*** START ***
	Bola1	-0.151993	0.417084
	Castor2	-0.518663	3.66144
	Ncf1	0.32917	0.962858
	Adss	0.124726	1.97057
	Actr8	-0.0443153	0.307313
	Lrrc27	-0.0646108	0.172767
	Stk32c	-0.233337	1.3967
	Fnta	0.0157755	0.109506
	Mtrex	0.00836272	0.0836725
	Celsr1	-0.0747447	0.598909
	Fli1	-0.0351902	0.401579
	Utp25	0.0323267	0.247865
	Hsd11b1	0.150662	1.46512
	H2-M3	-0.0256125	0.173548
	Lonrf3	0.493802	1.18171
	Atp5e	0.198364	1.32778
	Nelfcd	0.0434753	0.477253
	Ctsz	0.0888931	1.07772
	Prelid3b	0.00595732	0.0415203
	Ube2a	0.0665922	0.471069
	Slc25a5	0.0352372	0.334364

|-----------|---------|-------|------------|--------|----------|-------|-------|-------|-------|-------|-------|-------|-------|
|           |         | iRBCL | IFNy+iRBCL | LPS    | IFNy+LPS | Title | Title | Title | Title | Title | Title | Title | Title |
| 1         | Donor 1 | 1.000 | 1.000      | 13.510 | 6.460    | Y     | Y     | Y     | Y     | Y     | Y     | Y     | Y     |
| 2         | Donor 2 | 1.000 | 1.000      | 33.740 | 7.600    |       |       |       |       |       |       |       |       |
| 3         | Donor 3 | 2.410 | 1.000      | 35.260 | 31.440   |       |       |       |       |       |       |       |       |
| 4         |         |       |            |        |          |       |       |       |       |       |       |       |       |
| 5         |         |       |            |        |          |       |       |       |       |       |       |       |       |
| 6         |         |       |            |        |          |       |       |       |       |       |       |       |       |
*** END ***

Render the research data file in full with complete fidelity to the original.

	Bola1	-0.151993	0.417084
	Castor2	-0.518663	3.66144
	Ncf1	0.32917	0.962858
	Adss	0.124726	1.97057
	Actr8	-0.0443153	0.307313
	Lrrc27	-0.0646108	0.172767
	Stk32c	-0.233337	1.3967
	Fnta	0.0157755	0.109506
	Mtrex	0.00836272	0.0836725
	Celsr1	-0.0747447	0.598909
	Fli1	-0.0351902	0.401579
	Utp25	0.0323267	0.247865
	Hsd11b1	0.150662	1.46512
	H2-M3	-0.0256125	0.173548
	Lonrf3	0.493802	1.18171
	Atp5e	0.198364	1.32778
	Nelfcd	0.0434753	0.477253
	Ctsz	0.0888931	1.07772
	Prelid3b	0.00595732	0.0415203
	Ube2a	0.0665922	0.471069
	Slc25a5	0.0352372	0.334364

|-----------|---------|-------|------------|--------|----------|-------|-------|-------|-------|-------|-------|-------|-------|
|           |         | iRBCL | IFNy+iRBCL | LPS    | IFNy+LPS | Title | Title | Title | Title | Title | Title | Title | Title |
| 1         | Donor 1 | 1.000 | 1.000      | 13.510 | 6.460    | Y     | Y     | Y     | Y     | Y     | Y     | Y     | Y     |
| 2         | Donor 2 | 1.000 | 1.000      | 33.740 | 7.600    |       |       |       |       |       |       |       |       |
| 3         | Donor 3 | 2.410 | 1.000      | 35.260 | 31.440   |       |       |       |       |       |       |       |       |
| 4         |         |       |            |        |          |       |       |       |       |       |       |       |       |
| 5         |         |       |            |        |          |       |       |       |       |       |       |       |       |
| 6         |         |       |            |        |          |       |       |       |       |       |       |       |       |